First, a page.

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Saturday, July 18, 2015

Follow-Up Questions on Peach and Citrus

Q. A few months ago you told me how to help my grapes and other fruit trees (thanks for featuring my yard on the blog)! My citrus is turning black and dropping. The main issue I am having now is my peaches are turning a dull yellow, almost like a brown but not really. The photos don't really catch it. I dug about 1 foot away from the plant to see if the soil was too damp and found that it was moist about 3-4 inches below. With the last watering cycle happening about 3 days prior. The plants get 5 gallons in the morning and 5 at night.  2 times a week. I did put some of "stress tonic" and a little iron just in case, but far less than the recommended amount.
Readers peach tree

As far as my tomatoes go, most of them are done or dying but produced heavily so I am pleased. I had a few watermelon which were quite tasty and they may reproduce again. My citrus are having a bit of a rough time most of the fruit turned black and fell off (in containers and get a few hours of partial sun.) although the plants are shooting new growth and even flowered again. Although this time not fruiting.

Any advice or thoughts? Also should I prune them back any?

A. Fruit dropping can be a sign that your citrus may be going through excessively dry periods before they are irrigated again. It can also be a sign that your trees are just too young to support fruit development yet and so the fruit was aborted. Citrus leaves can discolor, turn kind of a bronzy yellow, due to damage from the sun. You won't see as much of this if they are growing in the ground and the surface of the soil covered in wood chip mulch. You can use an inexpensive houseplant moisture meter to get a very general idea what the moisture level of your soil is. Stick it in several locations so you get an idea of how the water is distributed.

All fruit trees need at least six hours of full sun each day to produce an adequate amount of fruit. Roots of fruit trees growing in containers have the largest percentage of the roots that take up water and nutrients in the boundary area between the root ball and the container. This is also where the drying of the root ball occurs first. And containers exposed to direct sunlight will overheat the root ball on any side that is in full sun unless it is protected. You could lose as much as 50% of your root system if that root ball overheats from direct sunlight on the container.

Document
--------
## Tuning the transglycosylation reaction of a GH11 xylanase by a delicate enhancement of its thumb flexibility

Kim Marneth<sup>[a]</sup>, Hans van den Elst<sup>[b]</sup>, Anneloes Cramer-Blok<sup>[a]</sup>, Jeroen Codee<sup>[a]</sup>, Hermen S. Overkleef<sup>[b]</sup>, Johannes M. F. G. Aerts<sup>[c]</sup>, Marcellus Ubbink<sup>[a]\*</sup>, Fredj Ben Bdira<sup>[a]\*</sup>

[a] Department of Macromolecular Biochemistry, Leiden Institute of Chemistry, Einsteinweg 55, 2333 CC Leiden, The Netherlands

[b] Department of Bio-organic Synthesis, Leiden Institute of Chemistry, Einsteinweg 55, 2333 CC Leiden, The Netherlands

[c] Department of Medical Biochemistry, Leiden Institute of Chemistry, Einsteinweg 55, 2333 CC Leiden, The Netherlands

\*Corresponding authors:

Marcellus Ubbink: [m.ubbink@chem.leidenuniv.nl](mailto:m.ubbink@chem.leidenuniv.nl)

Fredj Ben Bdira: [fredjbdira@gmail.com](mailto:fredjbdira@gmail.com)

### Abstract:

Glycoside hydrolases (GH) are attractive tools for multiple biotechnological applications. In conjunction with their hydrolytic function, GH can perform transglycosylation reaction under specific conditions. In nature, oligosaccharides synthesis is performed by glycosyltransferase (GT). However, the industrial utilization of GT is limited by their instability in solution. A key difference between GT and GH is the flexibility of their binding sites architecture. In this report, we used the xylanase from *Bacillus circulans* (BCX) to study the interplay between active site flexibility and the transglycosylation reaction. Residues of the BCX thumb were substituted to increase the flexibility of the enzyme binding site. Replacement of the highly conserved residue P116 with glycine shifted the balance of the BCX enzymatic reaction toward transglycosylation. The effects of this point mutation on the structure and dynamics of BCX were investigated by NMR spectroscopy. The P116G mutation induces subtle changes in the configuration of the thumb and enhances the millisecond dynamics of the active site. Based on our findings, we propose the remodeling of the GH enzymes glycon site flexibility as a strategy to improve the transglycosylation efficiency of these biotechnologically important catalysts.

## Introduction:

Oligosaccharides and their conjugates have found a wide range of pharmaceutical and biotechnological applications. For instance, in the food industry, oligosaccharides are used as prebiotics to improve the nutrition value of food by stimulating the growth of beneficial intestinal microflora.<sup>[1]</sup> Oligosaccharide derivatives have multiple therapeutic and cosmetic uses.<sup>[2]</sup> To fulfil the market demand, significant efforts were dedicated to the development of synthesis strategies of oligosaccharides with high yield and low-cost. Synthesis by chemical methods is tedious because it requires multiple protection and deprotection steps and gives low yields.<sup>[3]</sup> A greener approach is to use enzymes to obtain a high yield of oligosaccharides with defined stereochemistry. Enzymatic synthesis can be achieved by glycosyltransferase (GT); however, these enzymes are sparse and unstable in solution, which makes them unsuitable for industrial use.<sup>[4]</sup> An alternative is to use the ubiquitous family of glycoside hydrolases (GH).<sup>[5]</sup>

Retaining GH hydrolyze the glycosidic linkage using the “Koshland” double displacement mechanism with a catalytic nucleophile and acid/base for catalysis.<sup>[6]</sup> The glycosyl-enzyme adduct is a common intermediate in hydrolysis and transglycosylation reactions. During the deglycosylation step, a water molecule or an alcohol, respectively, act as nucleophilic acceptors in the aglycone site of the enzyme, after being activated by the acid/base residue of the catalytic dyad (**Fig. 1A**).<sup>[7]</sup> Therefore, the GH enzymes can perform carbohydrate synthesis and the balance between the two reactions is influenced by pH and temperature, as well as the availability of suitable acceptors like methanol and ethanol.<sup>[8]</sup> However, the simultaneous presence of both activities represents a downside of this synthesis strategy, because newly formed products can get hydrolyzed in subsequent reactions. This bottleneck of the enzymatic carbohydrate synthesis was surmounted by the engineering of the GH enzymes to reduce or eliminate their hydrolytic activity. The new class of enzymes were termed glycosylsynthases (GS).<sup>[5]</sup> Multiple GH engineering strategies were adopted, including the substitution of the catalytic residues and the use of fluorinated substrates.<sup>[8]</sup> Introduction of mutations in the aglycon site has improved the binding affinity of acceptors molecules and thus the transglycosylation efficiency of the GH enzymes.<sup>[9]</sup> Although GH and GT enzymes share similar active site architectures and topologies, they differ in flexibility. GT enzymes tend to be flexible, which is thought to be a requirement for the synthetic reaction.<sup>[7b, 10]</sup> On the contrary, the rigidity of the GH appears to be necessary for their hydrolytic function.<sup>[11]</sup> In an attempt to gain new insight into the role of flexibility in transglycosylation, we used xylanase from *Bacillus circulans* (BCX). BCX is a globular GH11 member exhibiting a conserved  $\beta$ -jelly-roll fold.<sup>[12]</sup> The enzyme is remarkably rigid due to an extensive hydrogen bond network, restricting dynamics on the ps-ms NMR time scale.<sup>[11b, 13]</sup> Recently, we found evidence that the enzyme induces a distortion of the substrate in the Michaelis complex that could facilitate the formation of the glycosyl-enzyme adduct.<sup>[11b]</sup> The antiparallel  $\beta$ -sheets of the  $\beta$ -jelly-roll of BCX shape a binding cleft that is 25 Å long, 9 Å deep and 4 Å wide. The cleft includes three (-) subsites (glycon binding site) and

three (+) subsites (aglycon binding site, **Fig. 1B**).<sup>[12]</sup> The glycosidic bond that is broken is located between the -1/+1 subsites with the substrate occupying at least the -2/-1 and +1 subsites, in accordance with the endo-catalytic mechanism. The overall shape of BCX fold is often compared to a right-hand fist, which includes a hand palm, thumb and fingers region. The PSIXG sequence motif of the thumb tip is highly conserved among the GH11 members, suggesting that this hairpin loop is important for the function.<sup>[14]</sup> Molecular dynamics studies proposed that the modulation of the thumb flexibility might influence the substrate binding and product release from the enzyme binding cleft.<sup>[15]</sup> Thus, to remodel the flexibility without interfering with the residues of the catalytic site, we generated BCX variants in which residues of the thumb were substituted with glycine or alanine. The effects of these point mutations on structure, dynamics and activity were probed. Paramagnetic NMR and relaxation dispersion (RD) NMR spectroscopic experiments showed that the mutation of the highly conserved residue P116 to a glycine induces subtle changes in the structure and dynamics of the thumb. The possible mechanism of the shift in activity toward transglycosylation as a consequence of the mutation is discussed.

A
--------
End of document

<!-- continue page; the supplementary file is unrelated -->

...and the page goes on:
I looked at all of your pictures. All of the growth that I saw looked good for this time of the year. There was a lot of leaf cupping on your peach which can be due to heat. It was showing some signs of some water stress. This can be the scorching on the edges of leaves. 

I did not see wood mulch on the soil beneath the trees. Your fruit trees would benefit 1000% if you can apply a layer of wood chip mulch, not bark mulch, on the soil surrounding the tree in a circle about 6 foot in diameter. The mulch should be 3 to 4 inches deep.

This was an unusually good year for tomatoes. Don't expect this type of production every year. When the spring months jump from cool to hot very quickly, tomatoes will not produce as well. Tomatoes produce much better if they are protected from excessive wind. You can do this by deflecting the wind away from the garden or putting up windbreaks.

Fruit trees do quite nicely with one or two applications of fertilizer year. This is usually in the late winter and perhaps a second application after harvesting. I tell people to fertilize their vegetables and herbs monthly.

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